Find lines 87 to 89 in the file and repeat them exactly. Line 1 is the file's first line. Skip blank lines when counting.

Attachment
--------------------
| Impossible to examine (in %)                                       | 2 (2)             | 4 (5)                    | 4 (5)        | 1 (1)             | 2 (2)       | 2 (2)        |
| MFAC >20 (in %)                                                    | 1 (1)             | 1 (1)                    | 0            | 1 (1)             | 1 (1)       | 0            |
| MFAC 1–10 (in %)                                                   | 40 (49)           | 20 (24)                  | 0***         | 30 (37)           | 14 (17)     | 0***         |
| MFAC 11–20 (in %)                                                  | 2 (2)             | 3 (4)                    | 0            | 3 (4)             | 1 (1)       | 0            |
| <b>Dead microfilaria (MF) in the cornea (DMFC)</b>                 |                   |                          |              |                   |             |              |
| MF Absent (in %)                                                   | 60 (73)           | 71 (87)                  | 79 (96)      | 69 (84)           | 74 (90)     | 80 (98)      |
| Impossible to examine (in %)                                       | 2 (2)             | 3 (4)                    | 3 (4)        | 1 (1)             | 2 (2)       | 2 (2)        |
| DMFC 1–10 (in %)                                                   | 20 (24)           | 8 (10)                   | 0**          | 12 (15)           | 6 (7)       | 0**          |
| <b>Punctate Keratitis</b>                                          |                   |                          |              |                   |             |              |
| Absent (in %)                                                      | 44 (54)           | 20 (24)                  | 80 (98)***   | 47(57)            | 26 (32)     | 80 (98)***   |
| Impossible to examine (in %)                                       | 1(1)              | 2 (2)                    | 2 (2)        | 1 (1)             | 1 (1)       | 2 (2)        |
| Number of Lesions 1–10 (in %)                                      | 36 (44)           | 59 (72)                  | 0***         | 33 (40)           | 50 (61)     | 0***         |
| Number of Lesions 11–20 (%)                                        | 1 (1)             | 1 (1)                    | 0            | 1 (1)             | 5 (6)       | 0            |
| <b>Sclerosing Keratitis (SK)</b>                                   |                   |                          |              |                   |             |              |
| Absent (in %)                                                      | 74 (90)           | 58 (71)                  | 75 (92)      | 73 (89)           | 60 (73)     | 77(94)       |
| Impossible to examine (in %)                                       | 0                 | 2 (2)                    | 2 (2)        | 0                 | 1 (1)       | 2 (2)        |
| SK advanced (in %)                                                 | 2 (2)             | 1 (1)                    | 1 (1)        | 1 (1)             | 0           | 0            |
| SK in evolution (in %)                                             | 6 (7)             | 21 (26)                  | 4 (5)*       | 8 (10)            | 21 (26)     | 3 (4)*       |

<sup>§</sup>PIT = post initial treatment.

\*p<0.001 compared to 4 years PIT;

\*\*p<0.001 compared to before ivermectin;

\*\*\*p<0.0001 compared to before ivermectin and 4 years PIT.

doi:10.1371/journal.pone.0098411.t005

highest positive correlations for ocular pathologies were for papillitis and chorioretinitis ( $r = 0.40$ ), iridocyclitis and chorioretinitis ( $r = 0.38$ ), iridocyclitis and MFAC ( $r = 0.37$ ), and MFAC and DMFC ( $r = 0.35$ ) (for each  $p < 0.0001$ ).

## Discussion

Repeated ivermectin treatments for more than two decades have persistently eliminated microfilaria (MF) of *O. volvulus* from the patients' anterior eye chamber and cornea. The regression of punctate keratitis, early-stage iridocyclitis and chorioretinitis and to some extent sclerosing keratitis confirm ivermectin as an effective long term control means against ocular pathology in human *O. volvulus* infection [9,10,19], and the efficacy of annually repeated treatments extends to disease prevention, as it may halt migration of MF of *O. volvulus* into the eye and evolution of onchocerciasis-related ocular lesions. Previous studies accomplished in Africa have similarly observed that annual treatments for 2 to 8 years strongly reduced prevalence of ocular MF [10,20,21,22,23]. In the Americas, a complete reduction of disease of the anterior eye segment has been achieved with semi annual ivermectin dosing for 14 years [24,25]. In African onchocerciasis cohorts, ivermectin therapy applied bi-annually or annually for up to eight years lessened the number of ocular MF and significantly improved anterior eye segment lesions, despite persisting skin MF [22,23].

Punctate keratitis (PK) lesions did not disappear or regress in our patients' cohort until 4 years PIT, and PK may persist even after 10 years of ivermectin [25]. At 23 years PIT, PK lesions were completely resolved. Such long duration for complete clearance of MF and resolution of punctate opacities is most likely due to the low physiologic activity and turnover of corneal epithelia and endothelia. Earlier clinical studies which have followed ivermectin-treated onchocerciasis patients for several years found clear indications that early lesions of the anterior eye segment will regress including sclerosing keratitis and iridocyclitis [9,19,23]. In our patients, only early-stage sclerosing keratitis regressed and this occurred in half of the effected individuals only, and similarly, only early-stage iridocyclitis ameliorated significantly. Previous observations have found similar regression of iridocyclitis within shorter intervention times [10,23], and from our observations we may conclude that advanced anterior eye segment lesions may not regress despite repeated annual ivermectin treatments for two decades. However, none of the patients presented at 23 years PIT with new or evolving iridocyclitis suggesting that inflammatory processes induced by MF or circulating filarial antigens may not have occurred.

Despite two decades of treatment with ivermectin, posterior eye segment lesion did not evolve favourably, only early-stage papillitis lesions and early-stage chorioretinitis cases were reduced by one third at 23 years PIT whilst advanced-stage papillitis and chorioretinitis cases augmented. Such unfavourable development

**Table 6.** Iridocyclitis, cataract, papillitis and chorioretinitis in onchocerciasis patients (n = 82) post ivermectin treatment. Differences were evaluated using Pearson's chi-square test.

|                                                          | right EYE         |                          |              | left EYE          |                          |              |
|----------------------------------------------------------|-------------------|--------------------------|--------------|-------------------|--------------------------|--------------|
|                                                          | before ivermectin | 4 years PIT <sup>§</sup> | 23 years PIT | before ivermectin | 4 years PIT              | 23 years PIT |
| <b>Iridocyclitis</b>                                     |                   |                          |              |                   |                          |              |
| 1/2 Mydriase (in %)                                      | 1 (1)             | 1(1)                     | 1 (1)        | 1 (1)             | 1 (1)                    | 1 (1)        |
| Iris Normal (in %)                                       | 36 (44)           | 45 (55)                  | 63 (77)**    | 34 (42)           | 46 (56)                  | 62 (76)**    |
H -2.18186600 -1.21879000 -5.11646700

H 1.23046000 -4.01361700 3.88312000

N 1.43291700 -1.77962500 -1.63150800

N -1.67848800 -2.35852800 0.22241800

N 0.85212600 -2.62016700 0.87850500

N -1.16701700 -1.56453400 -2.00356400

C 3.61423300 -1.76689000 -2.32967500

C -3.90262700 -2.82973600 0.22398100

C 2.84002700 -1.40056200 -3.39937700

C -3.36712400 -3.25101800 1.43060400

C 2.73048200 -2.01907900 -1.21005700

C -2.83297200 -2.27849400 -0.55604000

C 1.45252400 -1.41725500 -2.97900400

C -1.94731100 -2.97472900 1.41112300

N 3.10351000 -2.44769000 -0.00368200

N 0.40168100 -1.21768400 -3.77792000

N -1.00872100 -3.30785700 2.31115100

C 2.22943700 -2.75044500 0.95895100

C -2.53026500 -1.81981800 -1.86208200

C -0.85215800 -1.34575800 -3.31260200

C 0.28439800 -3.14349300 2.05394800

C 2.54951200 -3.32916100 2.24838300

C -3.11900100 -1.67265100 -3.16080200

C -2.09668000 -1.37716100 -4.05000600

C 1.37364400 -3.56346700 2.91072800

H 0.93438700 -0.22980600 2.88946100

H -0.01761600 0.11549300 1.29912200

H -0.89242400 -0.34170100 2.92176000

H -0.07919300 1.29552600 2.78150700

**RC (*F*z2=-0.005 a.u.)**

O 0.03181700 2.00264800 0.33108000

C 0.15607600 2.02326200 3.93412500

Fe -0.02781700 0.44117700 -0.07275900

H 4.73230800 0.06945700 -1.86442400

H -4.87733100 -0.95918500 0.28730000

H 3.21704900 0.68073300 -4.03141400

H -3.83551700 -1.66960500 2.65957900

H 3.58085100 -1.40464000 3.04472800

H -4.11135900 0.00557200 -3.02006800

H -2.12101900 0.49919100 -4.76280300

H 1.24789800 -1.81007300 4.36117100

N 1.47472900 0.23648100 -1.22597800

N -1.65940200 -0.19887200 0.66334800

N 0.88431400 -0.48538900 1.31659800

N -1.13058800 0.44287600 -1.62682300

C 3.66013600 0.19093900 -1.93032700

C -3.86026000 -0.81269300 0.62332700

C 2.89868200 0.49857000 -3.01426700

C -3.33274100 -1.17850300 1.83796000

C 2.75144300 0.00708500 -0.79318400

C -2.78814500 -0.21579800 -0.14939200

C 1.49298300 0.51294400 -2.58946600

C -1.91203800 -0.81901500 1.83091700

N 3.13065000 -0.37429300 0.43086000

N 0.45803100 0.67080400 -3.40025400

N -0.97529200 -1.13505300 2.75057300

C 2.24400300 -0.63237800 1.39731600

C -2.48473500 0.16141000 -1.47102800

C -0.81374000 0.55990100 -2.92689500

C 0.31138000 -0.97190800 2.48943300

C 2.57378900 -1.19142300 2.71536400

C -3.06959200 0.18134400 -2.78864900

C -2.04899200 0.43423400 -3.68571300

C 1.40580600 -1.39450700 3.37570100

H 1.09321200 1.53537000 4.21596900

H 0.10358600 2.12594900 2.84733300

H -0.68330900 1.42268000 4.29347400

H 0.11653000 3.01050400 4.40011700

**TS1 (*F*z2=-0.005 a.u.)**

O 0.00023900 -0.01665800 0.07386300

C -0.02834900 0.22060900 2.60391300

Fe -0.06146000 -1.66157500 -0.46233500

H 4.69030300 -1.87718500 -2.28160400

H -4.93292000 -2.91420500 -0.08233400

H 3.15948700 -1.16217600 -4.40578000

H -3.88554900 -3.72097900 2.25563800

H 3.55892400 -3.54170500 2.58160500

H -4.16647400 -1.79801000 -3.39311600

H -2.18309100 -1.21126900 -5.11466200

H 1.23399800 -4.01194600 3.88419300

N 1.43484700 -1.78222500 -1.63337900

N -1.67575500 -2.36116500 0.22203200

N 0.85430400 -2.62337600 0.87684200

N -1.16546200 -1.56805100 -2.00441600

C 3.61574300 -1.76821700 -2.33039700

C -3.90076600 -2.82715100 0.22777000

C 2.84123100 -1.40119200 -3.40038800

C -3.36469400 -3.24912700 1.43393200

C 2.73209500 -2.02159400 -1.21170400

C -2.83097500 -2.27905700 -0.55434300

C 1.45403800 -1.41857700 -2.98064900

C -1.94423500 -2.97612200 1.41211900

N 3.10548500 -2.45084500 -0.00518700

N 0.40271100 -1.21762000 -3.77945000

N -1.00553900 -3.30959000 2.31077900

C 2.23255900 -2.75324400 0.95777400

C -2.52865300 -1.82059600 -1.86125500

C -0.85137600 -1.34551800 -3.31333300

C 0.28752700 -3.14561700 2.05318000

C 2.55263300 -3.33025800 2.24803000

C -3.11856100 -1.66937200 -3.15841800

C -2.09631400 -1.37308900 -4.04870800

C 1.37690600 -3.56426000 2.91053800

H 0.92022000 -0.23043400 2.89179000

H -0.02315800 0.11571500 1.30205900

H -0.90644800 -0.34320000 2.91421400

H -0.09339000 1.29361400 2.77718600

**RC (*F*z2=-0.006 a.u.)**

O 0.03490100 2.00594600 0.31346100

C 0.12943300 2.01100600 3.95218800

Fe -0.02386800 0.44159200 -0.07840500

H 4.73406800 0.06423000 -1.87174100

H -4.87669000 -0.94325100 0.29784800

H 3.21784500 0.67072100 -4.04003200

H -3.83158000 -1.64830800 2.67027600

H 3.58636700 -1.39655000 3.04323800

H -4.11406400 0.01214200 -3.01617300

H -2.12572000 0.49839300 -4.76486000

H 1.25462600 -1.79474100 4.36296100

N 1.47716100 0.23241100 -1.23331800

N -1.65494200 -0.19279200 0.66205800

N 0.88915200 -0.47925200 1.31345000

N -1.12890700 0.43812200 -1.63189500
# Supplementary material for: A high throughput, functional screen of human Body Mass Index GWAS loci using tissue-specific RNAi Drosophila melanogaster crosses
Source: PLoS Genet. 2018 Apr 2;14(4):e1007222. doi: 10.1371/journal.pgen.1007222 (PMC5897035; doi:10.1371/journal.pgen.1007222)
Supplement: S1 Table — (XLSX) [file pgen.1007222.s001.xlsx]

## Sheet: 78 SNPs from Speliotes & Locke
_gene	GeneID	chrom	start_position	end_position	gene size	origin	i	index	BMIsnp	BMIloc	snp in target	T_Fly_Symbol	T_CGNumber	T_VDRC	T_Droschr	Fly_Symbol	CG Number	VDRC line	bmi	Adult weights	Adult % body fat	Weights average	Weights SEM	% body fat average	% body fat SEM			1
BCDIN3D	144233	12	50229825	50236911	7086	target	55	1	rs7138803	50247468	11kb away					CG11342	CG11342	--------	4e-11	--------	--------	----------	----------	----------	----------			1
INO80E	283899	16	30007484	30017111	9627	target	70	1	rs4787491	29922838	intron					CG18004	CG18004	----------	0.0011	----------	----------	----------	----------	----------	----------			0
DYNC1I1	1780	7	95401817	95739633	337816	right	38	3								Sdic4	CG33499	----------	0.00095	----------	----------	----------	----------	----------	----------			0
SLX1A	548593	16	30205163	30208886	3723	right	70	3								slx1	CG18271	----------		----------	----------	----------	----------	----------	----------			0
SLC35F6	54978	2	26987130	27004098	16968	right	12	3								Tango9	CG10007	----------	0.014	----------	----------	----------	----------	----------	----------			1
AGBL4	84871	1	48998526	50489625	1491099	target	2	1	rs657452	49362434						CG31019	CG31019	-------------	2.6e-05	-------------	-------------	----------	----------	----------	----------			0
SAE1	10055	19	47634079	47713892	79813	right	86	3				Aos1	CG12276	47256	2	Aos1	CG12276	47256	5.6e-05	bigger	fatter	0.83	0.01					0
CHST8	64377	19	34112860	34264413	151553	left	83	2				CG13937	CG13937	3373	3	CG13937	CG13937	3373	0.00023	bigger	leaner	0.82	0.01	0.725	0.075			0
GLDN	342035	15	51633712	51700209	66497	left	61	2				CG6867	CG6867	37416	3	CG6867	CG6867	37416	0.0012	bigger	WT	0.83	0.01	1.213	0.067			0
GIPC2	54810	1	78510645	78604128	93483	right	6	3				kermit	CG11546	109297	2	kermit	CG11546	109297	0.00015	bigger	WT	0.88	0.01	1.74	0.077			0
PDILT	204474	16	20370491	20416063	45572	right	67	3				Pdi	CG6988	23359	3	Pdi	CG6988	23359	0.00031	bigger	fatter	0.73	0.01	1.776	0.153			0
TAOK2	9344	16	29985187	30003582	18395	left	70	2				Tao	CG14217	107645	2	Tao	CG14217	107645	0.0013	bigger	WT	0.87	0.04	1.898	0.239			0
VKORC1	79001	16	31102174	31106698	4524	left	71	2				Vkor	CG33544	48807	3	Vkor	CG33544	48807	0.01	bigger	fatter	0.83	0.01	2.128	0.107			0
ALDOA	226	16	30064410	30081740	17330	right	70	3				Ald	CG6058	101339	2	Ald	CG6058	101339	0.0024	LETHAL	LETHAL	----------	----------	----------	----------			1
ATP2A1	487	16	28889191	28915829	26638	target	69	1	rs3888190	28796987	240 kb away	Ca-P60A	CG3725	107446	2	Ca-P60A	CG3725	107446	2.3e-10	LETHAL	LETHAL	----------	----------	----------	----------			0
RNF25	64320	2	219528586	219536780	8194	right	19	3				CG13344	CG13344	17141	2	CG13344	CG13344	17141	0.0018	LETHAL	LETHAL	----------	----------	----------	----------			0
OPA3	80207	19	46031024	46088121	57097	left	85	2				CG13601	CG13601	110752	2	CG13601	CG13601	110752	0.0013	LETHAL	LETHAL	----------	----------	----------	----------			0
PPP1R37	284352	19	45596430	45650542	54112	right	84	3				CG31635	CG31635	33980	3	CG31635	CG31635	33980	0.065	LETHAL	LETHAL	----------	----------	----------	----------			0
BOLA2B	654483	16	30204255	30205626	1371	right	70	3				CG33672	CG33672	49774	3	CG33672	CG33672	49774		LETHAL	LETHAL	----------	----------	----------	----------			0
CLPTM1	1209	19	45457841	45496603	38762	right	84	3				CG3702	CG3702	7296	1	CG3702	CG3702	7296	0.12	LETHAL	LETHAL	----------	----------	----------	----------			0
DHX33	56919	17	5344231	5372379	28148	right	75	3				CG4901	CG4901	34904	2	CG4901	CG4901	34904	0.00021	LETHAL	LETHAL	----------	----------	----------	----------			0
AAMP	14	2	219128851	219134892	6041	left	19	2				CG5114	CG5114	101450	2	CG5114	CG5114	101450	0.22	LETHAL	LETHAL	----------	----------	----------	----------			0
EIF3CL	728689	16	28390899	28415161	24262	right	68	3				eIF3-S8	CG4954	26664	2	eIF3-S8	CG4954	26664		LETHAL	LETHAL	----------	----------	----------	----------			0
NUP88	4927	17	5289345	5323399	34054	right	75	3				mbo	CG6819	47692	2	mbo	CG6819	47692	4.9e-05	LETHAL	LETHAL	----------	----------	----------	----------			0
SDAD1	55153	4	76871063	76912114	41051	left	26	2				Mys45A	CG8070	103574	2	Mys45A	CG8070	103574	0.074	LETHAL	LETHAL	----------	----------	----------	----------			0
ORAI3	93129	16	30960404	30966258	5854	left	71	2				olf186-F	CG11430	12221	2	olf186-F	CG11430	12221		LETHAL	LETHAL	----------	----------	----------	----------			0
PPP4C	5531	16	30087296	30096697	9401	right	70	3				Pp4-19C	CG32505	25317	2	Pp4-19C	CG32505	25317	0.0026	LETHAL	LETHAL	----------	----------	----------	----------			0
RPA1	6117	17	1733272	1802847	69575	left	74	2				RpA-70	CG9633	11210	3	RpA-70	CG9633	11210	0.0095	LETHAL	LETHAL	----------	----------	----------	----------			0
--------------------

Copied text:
C 1.49298300 0.51294400 -2.58946600

C -1.91203800 -0.81901500 1.83091700

N 3.13065000 -0.37429300 0.43086000